Subter umbras cum maritis ecce balantum greges;
Et canoras non tacere diva jussit alites.

Pleasure planteth a field; it conceives to the passion, the pang, of his joy.
In a field was Dione in labour delivered of Cupid the Boy;
And the field in its fostering lap from her travail received him: he drew
Mother's milk from the delicate kisses of flowers; and he prosper'd and grew--
Now learn ye to love who loved never--now ye who have loved, love anew!

Lo! behold ye the bulls, with how lordly a flank they besprawl on the broom!--
Yet obey the uxorious yoke, and are tamed to Dione her doom.
Or behear ye the sheep, to the husbanding rams how they bleat to the shade!
Or behear ye the birds, at the Goddess' command how they sing unafraid!

Jam loquaces ore rauco stagna cycni perstrepunt;
Adsonat Terei puella subter umbram populi,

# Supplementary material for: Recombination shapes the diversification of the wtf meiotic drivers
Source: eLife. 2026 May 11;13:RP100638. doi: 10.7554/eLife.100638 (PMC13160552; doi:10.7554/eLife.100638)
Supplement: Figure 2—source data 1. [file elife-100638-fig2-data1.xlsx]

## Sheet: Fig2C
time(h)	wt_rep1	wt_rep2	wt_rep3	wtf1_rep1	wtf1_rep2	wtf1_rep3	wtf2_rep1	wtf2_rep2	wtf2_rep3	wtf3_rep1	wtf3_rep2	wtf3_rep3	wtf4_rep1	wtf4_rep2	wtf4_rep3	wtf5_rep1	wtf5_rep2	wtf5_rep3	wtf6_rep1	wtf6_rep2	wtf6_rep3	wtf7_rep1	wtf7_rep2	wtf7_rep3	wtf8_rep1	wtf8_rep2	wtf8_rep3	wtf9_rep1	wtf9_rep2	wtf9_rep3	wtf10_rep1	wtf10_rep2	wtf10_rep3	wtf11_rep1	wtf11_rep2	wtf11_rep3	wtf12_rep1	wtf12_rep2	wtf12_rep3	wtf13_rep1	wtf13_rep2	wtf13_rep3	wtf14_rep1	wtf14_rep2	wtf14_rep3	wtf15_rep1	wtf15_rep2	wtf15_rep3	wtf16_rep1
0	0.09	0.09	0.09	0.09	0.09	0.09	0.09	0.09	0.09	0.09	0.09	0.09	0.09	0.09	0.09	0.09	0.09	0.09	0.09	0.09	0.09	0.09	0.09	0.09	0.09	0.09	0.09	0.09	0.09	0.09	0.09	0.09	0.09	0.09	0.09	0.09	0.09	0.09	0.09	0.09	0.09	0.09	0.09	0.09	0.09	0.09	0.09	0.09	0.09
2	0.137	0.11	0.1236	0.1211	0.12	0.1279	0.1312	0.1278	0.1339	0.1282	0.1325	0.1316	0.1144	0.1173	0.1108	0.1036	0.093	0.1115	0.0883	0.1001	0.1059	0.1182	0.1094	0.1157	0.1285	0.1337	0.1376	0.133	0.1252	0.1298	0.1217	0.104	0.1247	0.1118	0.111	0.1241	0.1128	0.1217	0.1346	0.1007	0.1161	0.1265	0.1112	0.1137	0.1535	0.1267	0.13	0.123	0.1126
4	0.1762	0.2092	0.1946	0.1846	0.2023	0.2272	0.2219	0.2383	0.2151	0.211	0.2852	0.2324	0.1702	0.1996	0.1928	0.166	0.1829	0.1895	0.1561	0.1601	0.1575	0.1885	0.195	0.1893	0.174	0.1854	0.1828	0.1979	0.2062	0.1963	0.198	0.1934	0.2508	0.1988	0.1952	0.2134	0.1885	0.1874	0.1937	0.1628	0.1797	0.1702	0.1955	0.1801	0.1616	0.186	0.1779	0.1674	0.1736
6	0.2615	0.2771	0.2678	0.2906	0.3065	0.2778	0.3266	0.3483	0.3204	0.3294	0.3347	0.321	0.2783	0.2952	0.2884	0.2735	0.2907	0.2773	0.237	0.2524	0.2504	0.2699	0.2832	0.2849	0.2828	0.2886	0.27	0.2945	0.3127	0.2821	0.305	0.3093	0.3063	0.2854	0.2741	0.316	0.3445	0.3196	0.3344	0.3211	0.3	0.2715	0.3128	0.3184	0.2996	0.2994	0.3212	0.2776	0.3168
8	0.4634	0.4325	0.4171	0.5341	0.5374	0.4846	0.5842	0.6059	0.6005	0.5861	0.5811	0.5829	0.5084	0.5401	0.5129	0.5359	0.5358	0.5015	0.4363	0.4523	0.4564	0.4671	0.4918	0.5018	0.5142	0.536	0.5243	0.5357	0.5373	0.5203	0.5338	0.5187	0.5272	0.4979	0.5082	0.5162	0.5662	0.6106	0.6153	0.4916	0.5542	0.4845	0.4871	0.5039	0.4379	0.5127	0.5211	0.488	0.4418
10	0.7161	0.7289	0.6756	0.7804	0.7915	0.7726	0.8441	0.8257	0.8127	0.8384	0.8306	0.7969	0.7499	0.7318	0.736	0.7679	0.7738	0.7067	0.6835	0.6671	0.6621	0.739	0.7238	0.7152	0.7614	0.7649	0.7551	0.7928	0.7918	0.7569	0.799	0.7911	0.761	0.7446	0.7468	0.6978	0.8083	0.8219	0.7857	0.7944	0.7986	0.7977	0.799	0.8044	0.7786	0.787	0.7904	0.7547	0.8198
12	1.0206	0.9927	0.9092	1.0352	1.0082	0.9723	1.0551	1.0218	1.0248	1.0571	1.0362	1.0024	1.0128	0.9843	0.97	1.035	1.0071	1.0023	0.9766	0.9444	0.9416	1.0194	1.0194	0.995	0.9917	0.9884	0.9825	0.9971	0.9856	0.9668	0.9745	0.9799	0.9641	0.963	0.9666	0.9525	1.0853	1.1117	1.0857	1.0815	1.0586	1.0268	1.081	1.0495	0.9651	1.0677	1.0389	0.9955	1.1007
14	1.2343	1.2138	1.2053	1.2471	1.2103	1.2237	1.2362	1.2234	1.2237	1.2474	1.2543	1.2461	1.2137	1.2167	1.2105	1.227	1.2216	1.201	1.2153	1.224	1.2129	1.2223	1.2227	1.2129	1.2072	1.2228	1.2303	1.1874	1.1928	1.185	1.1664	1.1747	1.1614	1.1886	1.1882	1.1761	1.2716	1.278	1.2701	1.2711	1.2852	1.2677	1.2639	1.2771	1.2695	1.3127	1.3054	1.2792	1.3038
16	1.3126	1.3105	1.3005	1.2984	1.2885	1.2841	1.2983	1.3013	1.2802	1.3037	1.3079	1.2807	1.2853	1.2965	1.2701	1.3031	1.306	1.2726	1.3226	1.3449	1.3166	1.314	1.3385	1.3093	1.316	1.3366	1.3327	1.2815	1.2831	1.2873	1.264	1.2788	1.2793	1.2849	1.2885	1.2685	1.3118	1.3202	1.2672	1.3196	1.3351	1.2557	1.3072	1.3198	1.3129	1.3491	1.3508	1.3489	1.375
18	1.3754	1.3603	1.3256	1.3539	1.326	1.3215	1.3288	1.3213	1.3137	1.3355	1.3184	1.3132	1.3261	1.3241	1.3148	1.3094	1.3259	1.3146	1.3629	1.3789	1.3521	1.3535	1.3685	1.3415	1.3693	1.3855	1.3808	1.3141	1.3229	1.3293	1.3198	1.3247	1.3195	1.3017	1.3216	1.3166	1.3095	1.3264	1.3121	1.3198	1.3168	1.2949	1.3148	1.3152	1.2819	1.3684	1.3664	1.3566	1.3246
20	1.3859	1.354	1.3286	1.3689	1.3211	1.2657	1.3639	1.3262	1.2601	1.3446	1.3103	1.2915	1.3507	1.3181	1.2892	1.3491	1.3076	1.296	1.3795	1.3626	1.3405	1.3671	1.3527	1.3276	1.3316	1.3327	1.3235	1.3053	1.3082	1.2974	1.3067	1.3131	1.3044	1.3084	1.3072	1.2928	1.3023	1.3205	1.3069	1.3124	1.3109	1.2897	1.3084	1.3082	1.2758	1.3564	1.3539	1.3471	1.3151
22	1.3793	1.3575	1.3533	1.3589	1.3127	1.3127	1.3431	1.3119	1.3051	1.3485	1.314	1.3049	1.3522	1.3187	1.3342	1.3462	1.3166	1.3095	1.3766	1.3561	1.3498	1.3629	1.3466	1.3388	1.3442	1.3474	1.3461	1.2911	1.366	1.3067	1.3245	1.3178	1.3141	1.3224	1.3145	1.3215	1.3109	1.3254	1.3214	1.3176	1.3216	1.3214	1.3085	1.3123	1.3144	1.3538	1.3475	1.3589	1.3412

Ut putes motus amoris ore dici musico,
Et neges queri sororem de marito barbaro.
Ilia cantat, nos tacemus. Quando ver venit meum?
Quando fiam uti chelidon, ut tacere desinam?
Perdidi Musam tacendo, nec me Apollo respicit;
Sic Amyclas, cum tacerent, perdidit silentium.
Cras amet qui nunquam amavit; quique amavit cras amet.

Be it harsh as the swannery's clamour that shatters the hush of the lake,
Be it dulcet as where Philomela holds darkling the poplar awake, 85
So melting her soul into music, you'd vow 'twas her passion, her own,
She plaineth--her sister forgot, with the Daulian crime long-agone.
Hark! Hush! Draw around to the circle ... Ah, loitering Summer! Say when
For me shall be broken the charm, that I chirp with the swallow again?
I am old; I am dumb; I have waited to sing till Apollo withdrew-- 90
So Amyclae a moment was mute, and for ever a wilderness grew.
Now learn ye to love who loved never--now ye who have loved, love anew,